This tax change was the largest single factor in driving pre-COVID unemployment rates to historical lows. This is the unemployment rate for black or African-Americans, and we saw literally setting a record low. And for Hispanics as well, also a record low, never seen before. So basically, contrary to politicians’ economic fantasies, jobs are created almost entirely by healthy businesses. When businesses are healthy, they hire people. And that’s exactly what happened as these businesses were flushed with cash, they began hiring, and you see this trend continue down here.

There’s also, Biden has pledged to boost the minimum wage to $15 an hour. I understand that that’s the desire to create a livable working wage for that, but it actually has a very detrimental effect. Raising minimum wages will have a very detrimental effect on the marginally employable and youth looking for their first job. You think about someone coming out of high school and they really have no skills whatsoever, and really not even any work ethic. What are you going to pay them $15 an hour to do and actually have it make sense?

For part-time workers, those without deep skills and job history, it’s going to have a very, very difficult effect. I was thinking about a friend of mine who runs a computer recycling business and he actually pays homes for the severely mentally handicapped to destroy and disassemble computers. And if he had to pay them $15 an hour, well, they would shut them all down, right? You can’t afford to do that anymore. And so what happened is people who are working then don’t work. And it’s a long-term effect delaying and/or preventing the marginally employable from entering the workforce. That first job is so hard to get, and now raising the minimum wage or increasing the high jump bar for that first job creates a long-term burden of support on society and will unequally affect the poor and people of color, unfortunately.

What a lot of politicians don’t realize is US workers compete for jobs with global workers and automated solutions. We’re already seeing automated kiosks at McDonald’s and others because they’re cheaper. It’s cheaper to spend $10,000 for a kiosk than hire a worker. And so a worker competes with a computer and an automation solution, and also competes with (though not in McDonald’s, but in manufacturing and others) global workers. So it’s going to have a depressive effect on employment, unfortunately. I appreciate the heart to do that, but it needs to be tailored so that there are exceptions to the $15 an hour rule. We’ll see what actually passes, if there are exceptions, then this will have not as detrimental effect.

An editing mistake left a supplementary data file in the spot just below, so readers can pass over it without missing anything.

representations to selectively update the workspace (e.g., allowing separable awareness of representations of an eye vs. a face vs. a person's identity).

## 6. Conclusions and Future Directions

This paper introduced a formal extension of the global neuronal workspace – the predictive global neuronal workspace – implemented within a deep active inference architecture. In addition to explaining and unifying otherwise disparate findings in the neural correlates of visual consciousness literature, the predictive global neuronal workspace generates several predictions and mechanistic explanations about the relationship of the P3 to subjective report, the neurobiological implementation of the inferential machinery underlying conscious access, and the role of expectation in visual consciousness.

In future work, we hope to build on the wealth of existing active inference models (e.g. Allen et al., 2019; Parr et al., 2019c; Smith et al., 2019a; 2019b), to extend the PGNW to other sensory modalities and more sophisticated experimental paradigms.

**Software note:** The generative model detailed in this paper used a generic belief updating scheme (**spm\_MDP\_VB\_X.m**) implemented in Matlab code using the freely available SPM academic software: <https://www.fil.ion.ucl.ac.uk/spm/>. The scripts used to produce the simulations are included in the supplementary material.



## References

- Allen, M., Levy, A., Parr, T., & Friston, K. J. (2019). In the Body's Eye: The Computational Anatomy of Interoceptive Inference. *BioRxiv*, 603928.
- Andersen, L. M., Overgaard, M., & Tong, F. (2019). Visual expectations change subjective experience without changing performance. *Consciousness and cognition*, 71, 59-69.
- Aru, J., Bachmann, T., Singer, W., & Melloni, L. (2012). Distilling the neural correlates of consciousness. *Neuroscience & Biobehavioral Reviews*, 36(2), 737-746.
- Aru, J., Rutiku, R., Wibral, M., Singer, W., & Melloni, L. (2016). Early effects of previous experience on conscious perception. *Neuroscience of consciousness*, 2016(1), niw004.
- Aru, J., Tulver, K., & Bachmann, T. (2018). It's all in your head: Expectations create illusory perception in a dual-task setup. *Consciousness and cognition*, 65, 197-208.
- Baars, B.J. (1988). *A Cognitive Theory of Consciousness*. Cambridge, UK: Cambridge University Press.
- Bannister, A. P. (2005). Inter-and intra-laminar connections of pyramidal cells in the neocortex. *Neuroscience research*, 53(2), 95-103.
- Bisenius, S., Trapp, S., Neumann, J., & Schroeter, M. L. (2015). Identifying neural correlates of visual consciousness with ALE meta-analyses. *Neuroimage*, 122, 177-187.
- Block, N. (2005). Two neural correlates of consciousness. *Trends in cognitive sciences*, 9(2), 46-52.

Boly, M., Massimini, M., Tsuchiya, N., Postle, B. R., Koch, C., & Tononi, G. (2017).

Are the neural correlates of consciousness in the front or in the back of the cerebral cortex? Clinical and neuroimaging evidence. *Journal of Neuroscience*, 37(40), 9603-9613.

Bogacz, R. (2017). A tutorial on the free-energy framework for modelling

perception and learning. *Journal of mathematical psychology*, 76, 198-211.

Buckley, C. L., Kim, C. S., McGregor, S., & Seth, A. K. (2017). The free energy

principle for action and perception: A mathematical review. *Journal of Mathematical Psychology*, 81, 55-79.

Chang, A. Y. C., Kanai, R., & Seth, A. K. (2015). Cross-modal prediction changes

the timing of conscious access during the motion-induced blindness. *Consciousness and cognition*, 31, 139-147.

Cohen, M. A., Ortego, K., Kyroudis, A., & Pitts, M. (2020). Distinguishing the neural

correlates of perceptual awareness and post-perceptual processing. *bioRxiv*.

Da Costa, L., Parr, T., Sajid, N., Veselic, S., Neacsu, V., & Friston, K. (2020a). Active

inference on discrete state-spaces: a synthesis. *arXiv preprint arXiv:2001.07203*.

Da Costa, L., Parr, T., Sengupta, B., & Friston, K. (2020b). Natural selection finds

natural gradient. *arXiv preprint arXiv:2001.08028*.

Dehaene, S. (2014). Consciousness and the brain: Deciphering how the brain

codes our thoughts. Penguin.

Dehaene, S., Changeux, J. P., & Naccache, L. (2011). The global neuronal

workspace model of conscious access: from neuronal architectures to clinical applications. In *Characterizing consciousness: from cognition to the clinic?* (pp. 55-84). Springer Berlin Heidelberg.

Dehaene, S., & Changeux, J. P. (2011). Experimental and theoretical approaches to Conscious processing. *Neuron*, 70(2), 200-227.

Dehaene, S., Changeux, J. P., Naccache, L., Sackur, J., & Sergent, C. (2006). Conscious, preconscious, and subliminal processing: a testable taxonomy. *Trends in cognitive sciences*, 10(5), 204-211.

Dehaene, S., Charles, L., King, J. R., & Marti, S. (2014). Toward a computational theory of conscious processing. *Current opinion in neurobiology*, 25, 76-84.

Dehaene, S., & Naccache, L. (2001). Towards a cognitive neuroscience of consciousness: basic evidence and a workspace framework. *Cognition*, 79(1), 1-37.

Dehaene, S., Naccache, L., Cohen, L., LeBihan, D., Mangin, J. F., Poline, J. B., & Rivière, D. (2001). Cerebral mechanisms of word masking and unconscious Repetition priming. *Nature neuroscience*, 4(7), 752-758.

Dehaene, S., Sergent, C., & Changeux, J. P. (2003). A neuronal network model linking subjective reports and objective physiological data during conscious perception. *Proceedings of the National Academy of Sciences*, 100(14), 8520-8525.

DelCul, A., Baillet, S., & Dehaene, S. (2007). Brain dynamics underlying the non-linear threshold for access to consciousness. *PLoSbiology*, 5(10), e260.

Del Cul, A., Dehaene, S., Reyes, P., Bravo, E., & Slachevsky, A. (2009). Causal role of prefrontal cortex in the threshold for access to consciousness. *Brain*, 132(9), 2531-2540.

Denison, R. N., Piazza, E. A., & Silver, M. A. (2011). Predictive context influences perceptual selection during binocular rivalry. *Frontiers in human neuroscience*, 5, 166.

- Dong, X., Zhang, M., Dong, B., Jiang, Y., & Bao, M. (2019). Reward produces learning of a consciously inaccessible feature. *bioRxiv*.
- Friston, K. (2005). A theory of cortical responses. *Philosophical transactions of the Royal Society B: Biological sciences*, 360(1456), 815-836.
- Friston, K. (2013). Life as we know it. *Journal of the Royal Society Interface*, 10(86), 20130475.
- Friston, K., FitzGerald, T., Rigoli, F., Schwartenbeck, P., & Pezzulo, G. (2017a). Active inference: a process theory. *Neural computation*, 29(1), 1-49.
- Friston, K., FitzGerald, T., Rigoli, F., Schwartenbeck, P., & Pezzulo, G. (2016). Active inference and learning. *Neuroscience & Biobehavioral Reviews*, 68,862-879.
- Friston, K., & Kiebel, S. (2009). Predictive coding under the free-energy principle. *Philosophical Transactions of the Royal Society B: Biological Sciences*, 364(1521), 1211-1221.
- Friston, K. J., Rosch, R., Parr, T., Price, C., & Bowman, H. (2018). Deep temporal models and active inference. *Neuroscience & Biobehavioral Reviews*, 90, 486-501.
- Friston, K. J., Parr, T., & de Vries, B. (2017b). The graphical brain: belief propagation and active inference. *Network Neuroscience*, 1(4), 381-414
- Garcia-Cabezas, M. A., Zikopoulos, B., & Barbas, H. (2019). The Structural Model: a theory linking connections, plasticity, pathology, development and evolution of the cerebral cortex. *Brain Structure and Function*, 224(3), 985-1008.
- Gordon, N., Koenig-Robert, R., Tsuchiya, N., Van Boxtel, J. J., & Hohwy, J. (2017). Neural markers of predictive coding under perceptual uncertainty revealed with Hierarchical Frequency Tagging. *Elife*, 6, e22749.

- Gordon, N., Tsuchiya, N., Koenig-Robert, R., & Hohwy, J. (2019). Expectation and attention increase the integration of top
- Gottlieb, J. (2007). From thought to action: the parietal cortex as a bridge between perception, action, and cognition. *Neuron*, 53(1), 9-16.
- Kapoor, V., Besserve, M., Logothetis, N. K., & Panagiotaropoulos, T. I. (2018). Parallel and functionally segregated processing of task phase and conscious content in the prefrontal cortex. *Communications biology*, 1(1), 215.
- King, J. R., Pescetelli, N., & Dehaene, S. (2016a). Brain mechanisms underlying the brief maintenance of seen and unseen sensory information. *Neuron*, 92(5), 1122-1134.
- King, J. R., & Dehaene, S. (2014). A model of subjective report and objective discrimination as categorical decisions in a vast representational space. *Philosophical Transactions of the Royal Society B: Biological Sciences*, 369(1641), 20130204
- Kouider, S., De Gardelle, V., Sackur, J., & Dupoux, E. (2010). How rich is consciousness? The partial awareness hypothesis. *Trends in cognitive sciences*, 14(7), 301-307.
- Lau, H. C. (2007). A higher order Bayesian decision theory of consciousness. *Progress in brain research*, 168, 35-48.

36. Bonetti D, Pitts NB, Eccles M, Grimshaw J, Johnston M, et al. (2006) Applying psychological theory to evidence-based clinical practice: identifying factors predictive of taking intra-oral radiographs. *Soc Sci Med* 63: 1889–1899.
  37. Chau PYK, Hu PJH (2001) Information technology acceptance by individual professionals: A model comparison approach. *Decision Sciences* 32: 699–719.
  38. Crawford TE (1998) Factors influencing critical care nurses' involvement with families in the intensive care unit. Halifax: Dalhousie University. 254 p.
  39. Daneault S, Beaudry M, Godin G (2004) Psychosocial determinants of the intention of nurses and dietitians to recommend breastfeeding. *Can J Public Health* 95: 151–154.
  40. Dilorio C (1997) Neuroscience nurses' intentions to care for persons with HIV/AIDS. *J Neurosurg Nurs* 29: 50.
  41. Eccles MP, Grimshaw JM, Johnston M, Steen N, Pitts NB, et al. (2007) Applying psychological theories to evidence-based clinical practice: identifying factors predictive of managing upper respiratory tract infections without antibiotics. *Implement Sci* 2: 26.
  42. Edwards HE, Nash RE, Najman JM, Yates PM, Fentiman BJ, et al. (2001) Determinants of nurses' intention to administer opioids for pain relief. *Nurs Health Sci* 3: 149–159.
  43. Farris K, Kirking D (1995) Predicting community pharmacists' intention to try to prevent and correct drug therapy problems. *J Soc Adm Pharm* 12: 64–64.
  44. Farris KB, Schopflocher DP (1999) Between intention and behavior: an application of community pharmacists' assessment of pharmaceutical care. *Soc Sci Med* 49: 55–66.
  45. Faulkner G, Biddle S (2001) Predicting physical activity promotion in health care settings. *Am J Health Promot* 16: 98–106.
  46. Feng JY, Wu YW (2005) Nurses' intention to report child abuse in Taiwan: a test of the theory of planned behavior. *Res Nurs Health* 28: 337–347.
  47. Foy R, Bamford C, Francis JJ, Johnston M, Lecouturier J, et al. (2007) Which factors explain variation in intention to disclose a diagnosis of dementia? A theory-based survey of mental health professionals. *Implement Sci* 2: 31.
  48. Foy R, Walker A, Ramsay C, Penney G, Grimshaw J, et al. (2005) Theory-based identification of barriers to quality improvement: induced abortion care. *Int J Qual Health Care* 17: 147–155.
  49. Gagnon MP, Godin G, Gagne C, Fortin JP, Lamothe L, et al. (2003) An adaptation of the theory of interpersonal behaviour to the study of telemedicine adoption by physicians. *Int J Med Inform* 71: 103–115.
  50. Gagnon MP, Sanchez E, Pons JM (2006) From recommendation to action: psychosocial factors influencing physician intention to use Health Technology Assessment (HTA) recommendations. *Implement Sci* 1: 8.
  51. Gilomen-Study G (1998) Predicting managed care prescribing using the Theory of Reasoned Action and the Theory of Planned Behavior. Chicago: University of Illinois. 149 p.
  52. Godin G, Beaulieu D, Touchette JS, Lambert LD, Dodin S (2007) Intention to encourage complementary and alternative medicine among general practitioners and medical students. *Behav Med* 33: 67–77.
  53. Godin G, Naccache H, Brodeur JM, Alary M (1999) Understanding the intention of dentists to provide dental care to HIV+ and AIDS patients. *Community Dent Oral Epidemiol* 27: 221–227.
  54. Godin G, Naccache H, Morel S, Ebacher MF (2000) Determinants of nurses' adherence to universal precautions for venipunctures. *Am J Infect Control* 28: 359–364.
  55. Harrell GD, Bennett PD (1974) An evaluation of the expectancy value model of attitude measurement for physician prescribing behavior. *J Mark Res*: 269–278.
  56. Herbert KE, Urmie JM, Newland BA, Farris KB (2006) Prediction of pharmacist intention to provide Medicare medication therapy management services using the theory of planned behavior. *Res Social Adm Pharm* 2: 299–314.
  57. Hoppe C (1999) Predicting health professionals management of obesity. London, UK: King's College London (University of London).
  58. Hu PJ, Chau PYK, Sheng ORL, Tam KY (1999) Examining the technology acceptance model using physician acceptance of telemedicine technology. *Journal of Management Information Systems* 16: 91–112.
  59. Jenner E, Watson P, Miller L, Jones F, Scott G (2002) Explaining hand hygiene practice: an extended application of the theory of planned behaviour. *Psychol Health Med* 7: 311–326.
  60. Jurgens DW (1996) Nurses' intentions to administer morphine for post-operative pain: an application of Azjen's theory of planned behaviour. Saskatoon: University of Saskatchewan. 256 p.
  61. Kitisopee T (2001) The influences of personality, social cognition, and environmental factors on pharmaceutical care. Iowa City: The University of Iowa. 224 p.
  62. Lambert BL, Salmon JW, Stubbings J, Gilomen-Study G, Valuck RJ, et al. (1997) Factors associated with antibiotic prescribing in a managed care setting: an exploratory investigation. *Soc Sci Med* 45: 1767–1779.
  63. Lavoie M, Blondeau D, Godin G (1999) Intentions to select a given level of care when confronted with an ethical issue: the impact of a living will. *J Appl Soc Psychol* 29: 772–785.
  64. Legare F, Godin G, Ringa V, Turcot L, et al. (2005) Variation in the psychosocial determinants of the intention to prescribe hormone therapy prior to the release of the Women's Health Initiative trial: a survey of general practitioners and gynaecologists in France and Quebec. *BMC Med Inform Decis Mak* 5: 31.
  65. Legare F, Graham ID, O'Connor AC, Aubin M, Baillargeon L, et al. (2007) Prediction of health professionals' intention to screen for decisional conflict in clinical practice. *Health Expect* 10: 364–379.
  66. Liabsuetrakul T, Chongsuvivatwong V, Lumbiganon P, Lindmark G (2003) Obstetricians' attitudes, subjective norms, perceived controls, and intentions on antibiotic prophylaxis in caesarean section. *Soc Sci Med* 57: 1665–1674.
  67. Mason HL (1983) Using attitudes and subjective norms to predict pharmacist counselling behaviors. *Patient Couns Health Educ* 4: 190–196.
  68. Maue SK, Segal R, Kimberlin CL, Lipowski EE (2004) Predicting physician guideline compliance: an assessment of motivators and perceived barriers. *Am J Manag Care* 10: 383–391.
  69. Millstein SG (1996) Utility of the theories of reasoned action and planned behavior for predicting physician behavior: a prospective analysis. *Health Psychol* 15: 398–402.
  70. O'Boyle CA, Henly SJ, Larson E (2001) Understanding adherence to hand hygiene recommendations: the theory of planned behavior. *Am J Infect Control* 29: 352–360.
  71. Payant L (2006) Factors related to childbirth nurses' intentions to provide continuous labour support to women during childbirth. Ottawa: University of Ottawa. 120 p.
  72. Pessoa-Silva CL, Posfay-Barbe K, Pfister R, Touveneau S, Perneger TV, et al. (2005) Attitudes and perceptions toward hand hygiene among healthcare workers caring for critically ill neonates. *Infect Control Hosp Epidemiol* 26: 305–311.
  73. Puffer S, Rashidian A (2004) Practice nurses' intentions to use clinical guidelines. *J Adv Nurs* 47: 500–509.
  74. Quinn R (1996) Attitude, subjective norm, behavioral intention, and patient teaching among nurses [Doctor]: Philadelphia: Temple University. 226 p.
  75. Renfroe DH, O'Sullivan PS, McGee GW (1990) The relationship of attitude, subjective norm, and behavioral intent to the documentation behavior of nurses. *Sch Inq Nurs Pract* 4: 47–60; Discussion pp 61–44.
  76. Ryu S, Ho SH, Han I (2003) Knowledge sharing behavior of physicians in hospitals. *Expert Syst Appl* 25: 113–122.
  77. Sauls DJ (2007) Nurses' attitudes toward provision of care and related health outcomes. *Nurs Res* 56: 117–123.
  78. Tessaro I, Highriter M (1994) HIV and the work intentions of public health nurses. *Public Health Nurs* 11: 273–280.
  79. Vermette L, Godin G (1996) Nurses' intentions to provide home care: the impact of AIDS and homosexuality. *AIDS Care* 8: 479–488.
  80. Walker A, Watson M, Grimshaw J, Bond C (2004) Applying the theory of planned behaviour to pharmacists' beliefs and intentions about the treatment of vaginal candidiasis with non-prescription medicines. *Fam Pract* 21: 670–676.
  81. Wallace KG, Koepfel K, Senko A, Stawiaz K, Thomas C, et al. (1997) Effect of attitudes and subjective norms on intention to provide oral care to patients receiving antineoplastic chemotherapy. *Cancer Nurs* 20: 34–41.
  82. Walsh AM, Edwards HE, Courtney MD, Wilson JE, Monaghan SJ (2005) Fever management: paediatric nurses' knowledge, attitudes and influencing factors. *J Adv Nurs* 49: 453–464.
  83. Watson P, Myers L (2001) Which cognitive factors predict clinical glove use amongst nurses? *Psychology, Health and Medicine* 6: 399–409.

Bottom line is the stimulus measures supersede all. According to Goldman Sachs, “Our political economists outlined roughly $7 trillion in gross fiscal expansion spread out over several years that Biden has proposed, including $2 trillion of front-loaded COVID stimulus, as well as spending on infrastructure, healthcare and other policies.” If this is $1 trillion, if it’s seven trillion, that is going to be a massive stimulus effect, either one of these is going to be massive stimulus and their effect. And so, that really trumps everything else. It is the greatest effect. We’ll see as he takes office what actually he is able to pass. So it will have a varying effect.

For comparison, early 2020 stimulus measures totaled $2 trillion with another $0.9 trillion in December. So we’ll see what spending happens. Even if nothing happens, we are still going to see a fairly strong economy simply because of what has already been spent working through the economy. But if the spending continues to this level, we’re definitely going to see a boom and it’s going to primarily affect asset prices again.

A lot of people are concerned about the deficit spending and the monetization of debt that the Fed is doing, and we’re going to talk about that in another session.

Obama was elected at the tail-end of the global financial crisis, his term was marked by historical stimulus and deficit spending, both central bank and government spending, and emphasized social spending and policy. And the effect was a recession that was just stubborn, we could not get out of it. This chart shows job losses since post-World War II recessions. And so they all took a couple years. So these are months. So this is, four years here, three years, two years. So you can see how long it took for these recessions to work out. Here is the 2007, the Obama recession, and it took six and a half years to recover. Now, it was deeper, you know, but it also was much slower and longer recovery. This was partly because it was a systemic crisis, but partly because social spending doesn’t necessarily help jobs. And the historical level of spending here basically increases asset prices. So what we saw is slow job recovery, but great asset price recovery.

The big question is will Biden’s tax plan pass and will there in fact be $7 trillion in spending? I doubt it’s going to be that high, but there’s likely to be more coming beyond what was passed in December.

The bottom line is Biden was elected at the tail end of the COVID crisis, his solution is very similar to Obama’s and I expect to see the same two results, again, massive asset price inflation and a slower jobs recovery. However, Biden’s job recovery will not be as slow as Obama’s because the COVID-19 shock is an exogenous shock versus systemic, it’s an external shock. And you can see already right here, this shock, we’ve never seen anything like this. The speed of the job losses, but we also have seen nothing like the speed of this recovery. So again, because the policy makers and Congress acted so quickly, I would expect to see this going here. But again, because of the policies, it may take a little bit longer. But not nearly as long as the 2007 recession. So there’s our bottom line on the tax changes for Obama.

Next, we’re going to look at the real estate market and what is going on in the real estate market and what is going to likely happen in 2021.

Related Articles

2021 Economic Forecast – Pt. 1 – The Economy

2021 Economic Forecast – Pt. 2 – COVID19 Recovery